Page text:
Word on the street is that I “don’t work well with some people.” Why this came up doesn’t really matter, especially since I don’t actually want to do the thing that a colleague recommended me for. (For what it’s worth, I think that I would do it very well, but having had some experience with administrative tasks in the past 10 years, I know that they do not energize me the way that regular faculty work energizes me, so all’s well that ends well.)
But this thing about how I am regarded was actually very interesting news for me to hear, because if you look at my record, I’ve accomplished a great deal, particularly since tenure, precisely because I’m really good at working with other people and with getting people to do work that they otherwise would not do. I’ve worked with a range of folks across my department, college, and university, and some of these folks themselves have reputations as being “difficult to work with,” and some of them have reputations as being “nice to work with.” It’s worth noting that some people who are “difficult to work with” are actually huge assets when trying to accomplish concrete goals, and some people who are “nice to work with” are a pain in the ass who never pull their weight, and vice versa. What matters to me is getting the work done, whatever the personalities that are involved. But apparently, we’re not talking about “work” even though that’s the word being used.
Really what we’re talking about is a difference in approaches to how to accomplish concrete goals. And my approach, as it has evolved since earning tenure and promotion and as it has evolved from doing some really treacherous college-wide and university-wide committee-work, has definitely shifted from one that was about wanting people to like me and wanting to keep people happy – no matter how much time and energy of mine that took – to wanting to accomplish things in the most efficient way possible – even if people don’t throw me a parade at the end of it.
The biggest reason for that shift is that even when I was running myself ragged to make everybody happy and make everybody like me not only did nobody throw me a parade but also lots of people still got mad at me. Also I was told – point blank, by (male) administrators – that my problems with my workload were of my own making and that I could not expect any support and in fact by asking for it I was being a bad little girl. “Some people just do more work than other people, Dr. Crazy.” “You need to figure out what you want to be when you grow up, Dr. Crazy.”
So you know what? I learned my lesson. After some reflection, I determined that I need to feel like I am productive in my job, and I need to feel like I’m doing so without sacrificing my own well-being, and those things matter a hell of a lot more than whether everybody “enjoys” how I get things done. As a result, I have reached the point where the following things are now true:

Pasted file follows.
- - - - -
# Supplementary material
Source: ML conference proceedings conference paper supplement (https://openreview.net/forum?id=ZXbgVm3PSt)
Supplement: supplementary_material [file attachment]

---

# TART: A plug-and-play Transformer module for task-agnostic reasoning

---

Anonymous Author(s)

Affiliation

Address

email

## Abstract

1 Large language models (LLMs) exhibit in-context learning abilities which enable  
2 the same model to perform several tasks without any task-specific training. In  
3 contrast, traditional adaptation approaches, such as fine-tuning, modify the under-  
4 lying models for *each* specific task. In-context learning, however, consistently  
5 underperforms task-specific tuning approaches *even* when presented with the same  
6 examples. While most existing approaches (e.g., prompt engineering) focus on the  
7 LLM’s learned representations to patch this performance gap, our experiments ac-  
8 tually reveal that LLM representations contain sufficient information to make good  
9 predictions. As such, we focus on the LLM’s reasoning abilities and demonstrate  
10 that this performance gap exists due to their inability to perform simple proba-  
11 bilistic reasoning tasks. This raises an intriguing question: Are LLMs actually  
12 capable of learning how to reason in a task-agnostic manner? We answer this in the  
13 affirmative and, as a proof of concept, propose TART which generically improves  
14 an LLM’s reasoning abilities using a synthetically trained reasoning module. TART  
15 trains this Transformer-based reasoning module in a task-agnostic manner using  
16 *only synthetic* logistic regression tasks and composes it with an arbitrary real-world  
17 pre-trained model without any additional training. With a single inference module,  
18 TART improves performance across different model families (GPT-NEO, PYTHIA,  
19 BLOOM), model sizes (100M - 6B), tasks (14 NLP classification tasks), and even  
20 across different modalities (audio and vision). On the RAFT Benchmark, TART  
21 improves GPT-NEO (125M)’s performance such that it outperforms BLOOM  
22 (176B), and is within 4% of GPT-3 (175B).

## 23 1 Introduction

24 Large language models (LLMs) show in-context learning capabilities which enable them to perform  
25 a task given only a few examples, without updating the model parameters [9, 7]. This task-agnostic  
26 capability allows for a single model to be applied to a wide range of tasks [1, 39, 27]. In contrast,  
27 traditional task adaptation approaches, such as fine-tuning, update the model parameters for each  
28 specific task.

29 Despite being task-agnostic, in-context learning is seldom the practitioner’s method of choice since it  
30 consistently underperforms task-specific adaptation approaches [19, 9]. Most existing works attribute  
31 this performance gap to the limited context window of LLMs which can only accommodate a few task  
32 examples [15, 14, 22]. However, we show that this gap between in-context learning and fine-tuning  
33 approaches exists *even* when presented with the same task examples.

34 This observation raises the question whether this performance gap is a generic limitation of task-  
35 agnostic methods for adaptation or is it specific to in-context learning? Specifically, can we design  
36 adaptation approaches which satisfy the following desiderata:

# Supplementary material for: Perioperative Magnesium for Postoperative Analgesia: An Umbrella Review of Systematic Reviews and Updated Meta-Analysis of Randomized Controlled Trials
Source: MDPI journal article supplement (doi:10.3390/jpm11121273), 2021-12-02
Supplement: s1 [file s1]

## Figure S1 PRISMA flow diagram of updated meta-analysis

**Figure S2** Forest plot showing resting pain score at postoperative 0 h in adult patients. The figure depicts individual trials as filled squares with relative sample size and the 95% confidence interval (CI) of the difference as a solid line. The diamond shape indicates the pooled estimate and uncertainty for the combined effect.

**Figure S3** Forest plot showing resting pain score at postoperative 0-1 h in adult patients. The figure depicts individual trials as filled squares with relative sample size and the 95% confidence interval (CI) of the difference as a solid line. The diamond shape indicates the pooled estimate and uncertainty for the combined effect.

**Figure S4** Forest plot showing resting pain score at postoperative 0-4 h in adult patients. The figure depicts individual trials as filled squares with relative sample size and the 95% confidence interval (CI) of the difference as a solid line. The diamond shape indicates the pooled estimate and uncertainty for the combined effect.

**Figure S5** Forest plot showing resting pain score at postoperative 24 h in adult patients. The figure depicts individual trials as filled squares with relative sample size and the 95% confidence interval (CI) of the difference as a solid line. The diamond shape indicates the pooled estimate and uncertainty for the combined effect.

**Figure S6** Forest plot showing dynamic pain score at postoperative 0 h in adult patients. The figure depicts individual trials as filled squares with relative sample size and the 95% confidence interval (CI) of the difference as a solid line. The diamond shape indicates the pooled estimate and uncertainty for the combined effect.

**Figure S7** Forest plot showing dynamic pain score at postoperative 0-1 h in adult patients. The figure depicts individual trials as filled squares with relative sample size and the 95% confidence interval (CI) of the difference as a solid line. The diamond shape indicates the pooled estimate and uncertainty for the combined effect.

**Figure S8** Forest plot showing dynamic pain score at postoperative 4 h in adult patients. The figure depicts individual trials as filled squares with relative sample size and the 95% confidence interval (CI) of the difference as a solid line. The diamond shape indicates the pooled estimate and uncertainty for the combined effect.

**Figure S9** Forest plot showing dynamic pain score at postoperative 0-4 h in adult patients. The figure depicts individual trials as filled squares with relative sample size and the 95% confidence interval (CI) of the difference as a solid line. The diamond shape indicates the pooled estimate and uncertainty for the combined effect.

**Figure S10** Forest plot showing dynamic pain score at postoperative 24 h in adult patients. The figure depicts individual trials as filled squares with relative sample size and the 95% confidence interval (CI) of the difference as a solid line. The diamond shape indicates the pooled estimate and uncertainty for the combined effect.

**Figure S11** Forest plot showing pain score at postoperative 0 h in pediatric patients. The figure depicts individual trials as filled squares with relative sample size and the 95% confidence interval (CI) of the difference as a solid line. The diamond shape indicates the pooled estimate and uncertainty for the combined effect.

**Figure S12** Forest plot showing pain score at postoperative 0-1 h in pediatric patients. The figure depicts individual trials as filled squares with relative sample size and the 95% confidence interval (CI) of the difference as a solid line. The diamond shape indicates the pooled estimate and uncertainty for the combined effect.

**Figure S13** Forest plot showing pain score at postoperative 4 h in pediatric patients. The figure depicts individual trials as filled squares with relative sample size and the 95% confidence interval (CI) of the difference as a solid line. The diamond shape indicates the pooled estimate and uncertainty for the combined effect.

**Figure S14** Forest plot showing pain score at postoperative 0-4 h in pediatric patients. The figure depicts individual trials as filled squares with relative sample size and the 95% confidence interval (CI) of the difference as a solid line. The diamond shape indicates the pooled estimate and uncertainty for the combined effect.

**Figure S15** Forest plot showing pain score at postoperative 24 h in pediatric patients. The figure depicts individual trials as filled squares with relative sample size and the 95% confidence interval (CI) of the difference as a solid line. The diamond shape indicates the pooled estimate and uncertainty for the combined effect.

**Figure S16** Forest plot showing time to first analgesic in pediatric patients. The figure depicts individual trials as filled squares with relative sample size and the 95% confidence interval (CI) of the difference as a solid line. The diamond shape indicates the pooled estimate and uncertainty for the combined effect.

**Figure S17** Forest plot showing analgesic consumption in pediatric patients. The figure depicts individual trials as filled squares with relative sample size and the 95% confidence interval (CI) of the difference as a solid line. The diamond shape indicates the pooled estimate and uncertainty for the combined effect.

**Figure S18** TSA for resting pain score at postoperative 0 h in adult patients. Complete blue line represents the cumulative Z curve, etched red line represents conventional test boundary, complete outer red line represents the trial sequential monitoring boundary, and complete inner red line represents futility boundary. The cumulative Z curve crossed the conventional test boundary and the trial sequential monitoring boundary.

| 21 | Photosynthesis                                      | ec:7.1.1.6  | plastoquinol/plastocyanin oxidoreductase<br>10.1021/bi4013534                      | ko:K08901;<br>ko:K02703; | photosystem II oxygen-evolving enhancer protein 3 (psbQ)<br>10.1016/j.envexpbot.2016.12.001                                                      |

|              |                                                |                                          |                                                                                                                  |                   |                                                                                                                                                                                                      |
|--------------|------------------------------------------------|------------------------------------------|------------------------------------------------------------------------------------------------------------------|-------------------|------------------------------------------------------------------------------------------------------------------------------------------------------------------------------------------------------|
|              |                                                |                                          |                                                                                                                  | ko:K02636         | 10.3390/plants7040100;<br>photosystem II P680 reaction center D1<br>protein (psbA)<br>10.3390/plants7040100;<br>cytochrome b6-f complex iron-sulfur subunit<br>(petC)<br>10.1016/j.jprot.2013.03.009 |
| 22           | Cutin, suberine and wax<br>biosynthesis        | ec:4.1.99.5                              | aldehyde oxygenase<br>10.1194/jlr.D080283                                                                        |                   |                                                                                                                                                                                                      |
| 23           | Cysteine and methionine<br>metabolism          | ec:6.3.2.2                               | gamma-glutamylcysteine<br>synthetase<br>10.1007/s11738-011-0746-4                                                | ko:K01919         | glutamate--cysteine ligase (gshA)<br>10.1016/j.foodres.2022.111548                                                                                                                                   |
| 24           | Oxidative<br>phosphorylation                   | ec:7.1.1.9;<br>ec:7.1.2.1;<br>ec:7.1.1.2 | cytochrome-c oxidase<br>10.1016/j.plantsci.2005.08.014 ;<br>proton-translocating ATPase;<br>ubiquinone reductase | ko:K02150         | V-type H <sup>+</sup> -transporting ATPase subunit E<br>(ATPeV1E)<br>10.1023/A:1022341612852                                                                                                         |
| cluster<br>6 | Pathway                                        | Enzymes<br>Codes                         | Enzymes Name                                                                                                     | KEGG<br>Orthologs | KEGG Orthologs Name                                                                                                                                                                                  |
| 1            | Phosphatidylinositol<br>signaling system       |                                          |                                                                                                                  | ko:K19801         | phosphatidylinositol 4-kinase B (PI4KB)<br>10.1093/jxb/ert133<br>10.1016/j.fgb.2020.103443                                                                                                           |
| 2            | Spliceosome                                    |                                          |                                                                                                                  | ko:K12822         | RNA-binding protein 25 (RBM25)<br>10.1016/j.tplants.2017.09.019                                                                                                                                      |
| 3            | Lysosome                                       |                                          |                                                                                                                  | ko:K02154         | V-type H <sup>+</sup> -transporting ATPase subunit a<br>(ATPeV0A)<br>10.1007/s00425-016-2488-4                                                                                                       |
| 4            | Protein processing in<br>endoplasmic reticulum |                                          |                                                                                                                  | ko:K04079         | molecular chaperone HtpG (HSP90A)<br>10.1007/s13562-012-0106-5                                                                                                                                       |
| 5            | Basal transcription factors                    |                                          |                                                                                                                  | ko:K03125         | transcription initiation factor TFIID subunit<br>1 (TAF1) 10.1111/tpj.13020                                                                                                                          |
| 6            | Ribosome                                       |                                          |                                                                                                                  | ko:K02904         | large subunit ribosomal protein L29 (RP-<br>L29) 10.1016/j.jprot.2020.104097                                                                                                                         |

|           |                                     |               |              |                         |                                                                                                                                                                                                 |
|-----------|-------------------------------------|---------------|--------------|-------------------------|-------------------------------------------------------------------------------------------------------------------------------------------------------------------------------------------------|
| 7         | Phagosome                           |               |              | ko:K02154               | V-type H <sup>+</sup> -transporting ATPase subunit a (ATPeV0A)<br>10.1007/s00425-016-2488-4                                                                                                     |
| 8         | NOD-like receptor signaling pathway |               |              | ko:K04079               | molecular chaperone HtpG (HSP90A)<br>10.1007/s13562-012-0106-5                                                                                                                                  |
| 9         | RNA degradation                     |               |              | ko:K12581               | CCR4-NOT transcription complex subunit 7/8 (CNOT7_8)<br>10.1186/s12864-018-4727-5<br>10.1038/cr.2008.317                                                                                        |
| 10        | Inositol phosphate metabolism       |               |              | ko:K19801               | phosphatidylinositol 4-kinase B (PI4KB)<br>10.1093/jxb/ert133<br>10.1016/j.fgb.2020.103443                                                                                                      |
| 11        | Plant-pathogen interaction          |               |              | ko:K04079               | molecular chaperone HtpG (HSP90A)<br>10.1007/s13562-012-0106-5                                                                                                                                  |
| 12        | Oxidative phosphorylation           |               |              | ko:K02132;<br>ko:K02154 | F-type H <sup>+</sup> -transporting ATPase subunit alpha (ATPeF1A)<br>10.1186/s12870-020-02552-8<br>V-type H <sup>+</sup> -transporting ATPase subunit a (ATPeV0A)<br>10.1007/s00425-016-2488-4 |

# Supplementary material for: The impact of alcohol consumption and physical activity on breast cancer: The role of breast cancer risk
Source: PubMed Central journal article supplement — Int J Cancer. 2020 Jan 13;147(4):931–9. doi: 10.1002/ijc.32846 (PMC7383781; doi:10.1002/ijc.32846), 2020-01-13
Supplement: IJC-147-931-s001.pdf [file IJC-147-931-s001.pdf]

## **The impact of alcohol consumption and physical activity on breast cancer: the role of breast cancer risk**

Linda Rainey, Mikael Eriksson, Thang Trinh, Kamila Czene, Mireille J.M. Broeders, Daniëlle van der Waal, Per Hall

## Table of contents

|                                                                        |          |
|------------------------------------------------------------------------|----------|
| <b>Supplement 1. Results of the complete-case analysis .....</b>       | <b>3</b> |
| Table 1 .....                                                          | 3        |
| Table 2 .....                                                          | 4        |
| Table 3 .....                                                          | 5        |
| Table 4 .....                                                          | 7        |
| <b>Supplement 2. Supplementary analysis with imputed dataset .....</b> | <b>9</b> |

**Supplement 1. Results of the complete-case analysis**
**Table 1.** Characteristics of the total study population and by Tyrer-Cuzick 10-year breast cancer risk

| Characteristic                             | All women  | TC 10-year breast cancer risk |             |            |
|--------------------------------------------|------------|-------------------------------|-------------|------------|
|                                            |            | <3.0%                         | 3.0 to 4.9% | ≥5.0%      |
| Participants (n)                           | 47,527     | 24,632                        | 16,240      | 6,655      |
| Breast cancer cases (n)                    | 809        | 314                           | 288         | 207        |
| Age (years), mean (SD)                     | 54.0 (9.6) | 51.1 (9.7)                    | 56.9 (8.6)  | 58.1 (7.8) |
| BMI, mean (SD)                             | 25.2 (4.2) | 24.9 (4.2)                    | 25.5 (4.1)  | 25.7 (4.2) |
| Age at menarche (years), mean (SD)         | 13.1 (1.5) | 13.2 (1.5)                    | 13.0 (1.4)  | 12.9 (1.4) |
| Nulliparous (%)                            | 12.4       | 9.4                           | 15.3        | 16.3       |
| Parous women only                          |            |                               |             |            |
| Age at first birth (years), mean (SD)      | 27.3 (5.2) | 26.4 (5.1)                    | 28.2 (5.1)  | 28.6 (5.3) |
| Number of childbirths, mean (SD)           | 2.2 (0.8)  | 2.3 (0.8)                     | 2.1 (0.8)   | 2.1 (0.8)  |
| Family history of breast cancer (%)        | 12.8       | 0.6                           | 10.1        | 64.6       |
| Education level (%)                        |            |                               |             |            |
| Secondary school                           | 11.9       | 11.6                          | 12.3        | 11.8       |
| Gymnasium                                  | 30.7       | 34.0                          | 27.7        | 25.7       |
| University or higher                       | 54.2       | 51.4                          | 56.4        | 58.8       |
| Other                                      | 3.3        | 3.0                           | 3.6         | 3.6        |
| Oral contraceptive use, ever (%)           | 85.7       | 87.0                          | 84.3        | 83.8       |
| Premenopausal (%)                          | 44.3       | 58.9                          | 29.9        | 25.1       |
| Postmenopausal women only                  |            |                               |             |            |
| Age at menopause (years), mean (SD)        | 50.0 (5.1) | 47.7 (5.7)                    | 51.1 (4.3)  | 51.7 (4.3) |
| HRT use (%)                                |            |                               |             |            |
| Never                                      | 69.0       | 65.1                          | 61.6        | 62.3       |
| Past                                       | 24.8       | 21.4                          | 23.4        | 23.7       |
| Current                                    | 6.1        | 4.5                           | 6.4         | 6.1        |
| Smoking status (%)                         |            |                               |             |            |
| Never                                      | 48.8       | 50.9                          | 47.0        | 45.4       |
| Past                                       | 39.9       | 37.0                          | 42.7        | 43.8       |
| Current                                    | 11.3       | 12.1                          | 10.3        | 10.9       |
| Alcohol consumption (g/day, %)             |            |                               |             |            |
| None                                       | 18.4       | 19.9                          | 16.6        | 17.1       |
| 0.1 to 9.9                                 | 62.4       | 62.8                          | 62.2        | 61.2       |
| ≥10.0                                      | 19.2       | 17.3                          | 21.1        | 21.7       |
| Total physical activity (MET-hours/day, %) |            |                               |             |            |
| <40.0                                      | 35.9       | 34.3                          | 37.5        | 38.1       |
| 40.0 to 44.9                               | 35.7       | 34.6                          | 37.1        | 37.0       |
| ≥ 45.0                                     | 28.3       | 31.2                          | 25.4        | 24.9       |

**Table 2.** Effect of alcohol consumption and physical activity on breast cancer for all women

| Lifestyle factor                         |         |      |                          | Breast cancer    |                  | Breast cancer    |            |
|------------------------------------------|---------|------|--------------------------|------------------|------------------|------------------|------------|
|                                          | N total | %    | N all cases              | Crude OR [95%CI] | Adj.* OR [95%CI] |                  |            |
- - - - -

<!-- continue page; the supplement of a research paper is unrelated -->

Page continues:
- I am vocal about who I would like to serve on committees that I chair, and I have refused to serve on committees based on who else will be serving on or chairing those committees. I do this not because I don’t “like” some people but because I don’t want to do service that wastes my time because others don’t pull their weight or because others get in the way of me achieving goals. I also choose service “opportunities” based on my interests and not because I’ve been guilted into doing so because of other people’s “needs.” Note: I still do more service than probably 75% of the people in my department.
- I have begun to introduce proposals through the appropriate department channels for ideas that I have without necessarily consulting with department administration or others or waiting for some kind of amorphous approval before I do so. The channels exist for a reason, anybody can use them, and people can vote my ideas up or down. Whatever. But I’ve learned if I wait for other people I’ll be waiting until I’m retired. Or I’ll be vilified for months although ultimately my idea will be approved. Both of those things are super awesome, I know, but I’ve decided if I’m going to be the Big Bad Bossy Crazy anyway, I might as well be the Big Bad Bossy Crazy in a way that takes as little of my time and energy as possible.
- I lack patience with free-wheeling “discussions” that have no end in sight, particularly when those discussions mostly involve people who do not contribute meaningfully to the work that needs to be done on a day-to-day basis. This has always been true, but I’m more likely to express it now, in the hope that I an Make. It. Stop. Sometimes it even works. Other times at least I feel like I didn’t go down without a fight, so I don’t seethe for days about it.
I’m sure there are more things, but I think those are the big three. Part of the reason that these qualities are so offensive is because of gender, I think, and also because I’m kind of a natural leader and I don’t have a position from which to lead with authority, nor have I had the benefit of administrators who will take my ideas and run with them, backing me up with their authority. What’s really happened over the past 4-5 years is that I’ve been put in a position where I end up the fall-guy for controversial (important) things while administrators sit back and let me have the target on my back.
And so now, here I am, a problem child. Ah well, I’ll take it. Let some of those people who play well with others do the heavy lifting. We’ll see how nicely they play at the end of it.